Photo of mother and child in the spectrum design logo, alongside text

Meet Rachel Townson, autistic woman, online trainer and a speaker at our upcoming Women and Girls Conference, where she will be discussing pregnancy and motherhood.

With the conference fast approaching, we spoke to Rachel about her experience of being pregnant, the importance of sex education, and how professionals can better support autistic women during pregnancy.

When were you diagnosed as autistic?

I was diagnosed at the Lorna Wing Centre by Dr Judith Gould in my mid-twenties. I was supported by my manager at the time. I was struggling to understand myself, as I couldn’t identify as autistic or non-autistic. I felt autistic yet I worried that I was projecting my academic studies − things I had read or heard about autism − onto myself, and it wasn’t my true self. I needed to know as it was driving me insane. The diagnosis was a relief, as I felt that I could finally understand myself and access the right support.

What was your experience of pregnancy like?

I loved the thought of being a mum but I hated the experience of being pregnant. I had to take anti-sickness medication so I could keep ice chips down due to hyperemesis gravidarum. From speaking to other mums, I think this is surprisingly common among autistic women, but is considered less common in the non-autistic population.

Did your autism diagnosis impact your approach to pregnancy?

I’ve always had a strong sense of smell, and although sensitivity to smell increases for most people during pregnancy, I was so impacted that I had to wear earplugs in my nose and learn to breathe through my mouth in my first trimester. I also found myself obsessively planning maternity pay, nursery and being a parent. I had notes written up on how to get a baby to sleep, breastfeeding and weaning.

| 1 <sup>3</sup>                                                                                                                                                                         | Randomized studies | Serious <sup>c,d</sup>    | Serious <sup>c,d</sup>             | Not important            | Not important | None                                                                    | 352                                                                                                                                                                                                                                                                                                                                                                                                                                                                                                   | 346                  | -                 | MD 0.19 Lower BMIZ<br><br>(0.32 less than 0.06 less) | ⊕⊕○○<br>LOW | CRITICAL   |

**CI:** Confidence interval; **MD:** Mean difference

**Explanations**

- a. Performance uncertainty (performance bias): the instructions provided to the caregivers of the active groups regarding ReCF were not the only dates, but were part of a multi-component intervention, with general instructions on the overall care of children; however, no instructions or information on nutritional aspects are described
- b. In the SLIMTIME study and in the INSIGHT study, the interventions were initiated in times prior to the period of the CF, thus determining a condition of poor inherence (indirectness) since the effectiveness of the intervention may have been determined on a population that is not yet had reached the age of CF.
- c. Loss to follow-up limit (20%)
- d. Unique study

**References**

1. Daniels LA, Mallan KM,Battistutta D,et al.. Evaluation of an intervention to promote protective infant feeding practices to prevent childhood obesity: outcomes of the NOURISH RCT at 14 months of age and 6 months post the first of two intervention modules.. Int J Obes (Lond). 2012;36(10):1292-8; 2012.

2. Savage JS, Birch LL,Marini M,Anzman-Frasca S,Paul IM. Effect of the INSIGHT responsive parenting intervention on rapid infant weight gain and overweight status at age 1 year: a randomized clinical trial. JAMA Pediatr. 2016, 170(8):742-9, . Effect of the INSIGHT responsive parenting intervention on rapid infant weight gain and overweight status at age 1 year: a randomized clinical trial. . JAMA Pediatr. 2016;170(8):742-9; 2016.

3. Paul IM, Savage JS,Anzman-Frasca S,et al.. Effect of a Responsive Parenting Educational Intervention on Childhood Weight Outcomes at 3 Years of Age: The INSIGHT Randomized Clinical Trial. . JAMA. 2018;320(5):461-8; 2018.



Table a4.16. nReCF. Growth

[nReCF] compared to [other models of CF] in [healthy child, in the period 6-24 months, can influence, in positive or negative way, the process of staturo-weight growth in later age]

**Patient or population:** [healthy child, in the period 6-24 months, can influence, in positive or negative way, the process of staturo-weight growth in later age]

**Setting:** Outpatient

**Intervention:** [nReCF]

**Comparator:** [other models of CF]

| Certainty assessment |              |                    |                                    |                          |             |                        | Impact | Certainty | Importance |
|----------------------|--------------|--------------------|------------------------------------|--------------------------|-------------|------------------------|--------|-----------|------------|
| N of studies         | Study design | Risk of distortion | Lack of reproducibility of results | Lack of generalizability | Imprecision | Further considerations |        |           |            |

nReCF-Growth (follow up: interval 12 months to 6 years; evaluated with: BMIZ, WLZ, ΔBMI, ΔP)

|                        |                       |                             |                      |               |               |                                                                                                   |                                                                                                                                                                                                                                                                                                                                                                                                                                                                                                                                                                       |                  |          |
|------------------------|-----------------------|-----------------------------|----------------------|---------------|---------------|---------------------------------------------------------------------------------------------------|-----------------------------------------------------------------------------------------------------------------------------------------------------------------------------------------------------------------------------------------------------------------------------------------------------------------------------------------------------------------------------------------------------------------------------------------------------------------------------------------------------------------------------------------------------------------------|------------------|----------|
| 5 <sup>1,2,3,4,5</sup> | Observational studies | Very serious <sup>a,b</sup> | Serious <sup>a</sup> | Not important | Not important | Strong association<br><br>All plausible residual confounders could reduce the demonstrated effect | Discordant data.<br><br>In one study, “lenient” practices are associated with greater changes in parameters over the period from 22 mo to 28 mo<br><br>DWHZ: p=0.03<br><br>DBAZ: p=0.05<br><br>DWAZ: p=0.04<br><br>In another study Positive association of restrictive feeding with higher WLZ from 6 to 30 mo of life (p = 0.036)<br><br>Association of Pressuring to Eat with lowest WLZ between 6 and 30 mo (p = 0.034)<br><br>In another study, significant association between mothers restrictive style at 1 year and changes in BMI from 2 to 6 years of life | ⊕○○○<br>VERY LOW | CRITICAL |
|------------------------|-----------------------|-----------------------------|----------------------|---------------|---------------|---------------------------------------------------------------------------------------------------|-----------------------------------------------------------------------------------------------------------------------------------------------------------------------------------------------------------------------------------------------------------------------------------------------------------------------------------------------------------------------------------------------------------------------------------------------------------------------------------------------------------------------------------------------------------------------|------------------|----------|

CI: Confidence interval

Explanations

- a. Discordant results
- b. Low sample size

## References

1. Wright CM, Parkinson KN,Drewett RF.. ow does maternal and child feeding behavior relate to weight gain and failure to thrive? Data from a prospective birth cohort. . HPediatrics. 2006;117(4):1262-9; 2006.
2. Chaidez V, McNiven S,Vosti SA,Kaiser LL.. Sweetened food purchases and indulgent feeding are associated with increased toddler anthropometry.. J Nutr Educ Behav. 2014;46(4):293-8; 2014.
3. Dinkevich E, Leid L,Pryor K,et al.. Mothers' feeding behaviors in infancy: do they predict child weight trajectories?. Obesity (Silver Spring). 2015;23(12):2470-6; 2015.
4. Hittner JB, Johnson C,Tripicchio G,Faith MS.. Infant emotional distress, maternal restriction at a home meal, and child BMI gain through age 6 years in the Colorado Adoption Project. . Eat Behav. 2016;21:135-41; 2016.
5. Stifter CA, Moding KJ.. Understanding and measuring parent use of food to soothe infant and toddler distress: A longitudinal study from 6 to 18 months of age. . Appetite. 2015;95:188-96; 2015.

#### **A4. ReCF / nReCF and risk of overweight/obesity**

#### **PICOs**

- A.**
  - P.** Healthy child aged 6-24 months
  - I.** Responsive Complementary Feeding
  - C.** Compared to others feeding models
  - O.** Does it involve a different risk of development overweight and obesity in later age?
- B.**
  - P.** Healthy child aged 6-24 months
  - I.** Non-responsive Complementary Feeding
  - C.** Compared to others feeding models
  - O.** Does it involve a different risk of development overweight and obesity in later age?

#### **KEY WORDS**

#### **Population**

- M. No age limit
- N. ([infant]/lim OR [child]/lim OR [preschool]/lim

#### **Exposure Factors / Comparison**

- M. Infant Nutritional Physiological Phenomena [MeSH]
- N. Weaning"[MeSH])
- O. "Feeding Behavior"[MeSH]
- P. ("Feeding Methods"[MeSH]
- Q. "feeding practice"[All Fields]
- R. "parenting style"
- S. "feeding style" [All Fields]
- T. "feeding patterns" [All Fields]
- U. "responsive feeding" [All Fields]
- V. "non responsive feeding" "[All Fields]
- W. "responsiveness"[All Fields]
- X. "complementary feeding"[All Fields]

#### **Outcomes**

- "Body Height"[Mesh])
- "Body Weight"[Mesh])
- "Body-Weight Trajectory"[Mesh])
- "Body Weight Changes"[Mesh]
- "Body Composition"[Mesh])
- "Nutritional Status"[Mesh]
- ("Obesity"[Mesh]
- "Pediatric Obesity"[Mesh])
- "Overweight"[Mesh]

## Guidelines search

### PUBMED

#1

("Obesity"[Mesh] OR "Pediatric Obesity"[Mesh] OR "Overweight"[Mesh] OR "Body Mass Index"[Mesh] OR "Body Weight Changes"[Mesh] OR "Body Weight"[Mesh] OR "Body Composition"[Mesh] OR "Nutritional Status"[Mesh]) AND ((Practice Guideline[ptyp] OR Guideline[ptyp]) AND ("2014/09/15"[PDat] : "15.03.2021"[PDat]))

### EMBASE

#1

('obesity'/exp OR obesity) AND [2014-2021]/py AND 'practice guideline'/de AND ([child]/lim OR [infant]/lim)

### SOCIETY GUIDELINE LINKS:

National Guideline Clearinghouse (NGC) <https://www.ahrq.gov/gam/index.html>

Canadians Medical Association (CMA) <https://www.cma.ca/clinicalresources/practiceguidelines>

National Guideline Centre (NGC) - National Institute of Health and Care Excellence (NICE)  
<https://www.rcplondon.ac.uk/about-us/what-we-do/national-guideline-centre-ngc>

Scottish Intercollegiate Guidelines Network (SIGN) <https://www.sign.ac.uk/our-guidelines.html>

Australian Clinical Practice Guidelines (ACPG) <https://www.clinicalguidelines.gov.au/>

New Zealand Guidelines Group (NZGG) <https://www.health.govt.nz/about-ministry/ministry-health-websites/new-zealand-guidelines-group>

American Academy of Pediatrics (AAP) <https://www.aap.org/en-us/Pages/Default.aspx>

What are some of the barriers that autistic women may face when seeking support during pregnancy?

Taking things literally was one of the largest challenges faced when looking for support.

I often didn’t know what to expect at each appointment, and when I would take a directional task literally they would think I was being difficult or rude.

Also, midwives in my area are hugely over-worked and, although I disclosed my diagnosis, there were no adjustments made. I never had the same midwife more than twice. The uncertainty escalated my anxiety and I dreaded each appointment, to the extent I would question the receptionist about who I was seeing as soon as I arrived and was left trembling when she couldn’t tell me.

How do you think sex education can be improved for autistic women?

Some autistic people can take things very literally. For instance, I thought that if I had unprotected sex, it would mean that I would get pregnant easily and quickly.

It’s really important that topics like sex are explained as clearly and explicitly as possible.

Sex education needs to be a lot more widely focused than protection. It needs to explain the biology a lot more and the process of sperm, egg and ovulation.

For many, there is only a 12-48 hour window of actually conceiving and that’s without any other complications so falling pregnant is not as easy as many may believe. However, due to so many variations, it is still vital that those not trying to conceive are protected and all of this information needs to be shared in teen years and beyond.

What do professionals need to know to better support autistic women during pregnancy?

Professionals need to focus on the individual, and when that person has disclosed their autism diagnosis, adjustments should be made in order to be clear, direct and as structured as the process can be. For me, these adjustments would include: knowing your appointments, what is expected of you, what you are likely to experience and some of the variations in experiences. For example, I did not experience contractions as I was told I would. I felt pain later on, and it turned out I was 8cm dilated and the baby was breach with a foot lodged in my rib. If I had been more aware of the fact some people don’t see or feel the tightening contractions, then I would have been to hospital earlier with the back and vaginal pain as indicators.

Appointments are not autism-friendly at all. For me, I was overwhelmed when presented with a large book on the first hospital visit.

I was then given no information at my next appointment, or what to expect during the pregnancy. A lot of the time, you are left in a state of stress and anxiety, so you turn to Google, which is full of stories of horror and grief, only escalating your anxiety further.

What do you want people to take away from your talk at our Women and Girls Conference?

I would love for professionals in the midwifery services to make small adjustments to their communication style, to aim for familiarity and structure at appointments and to understand the literal and sensory needs of autistic women.

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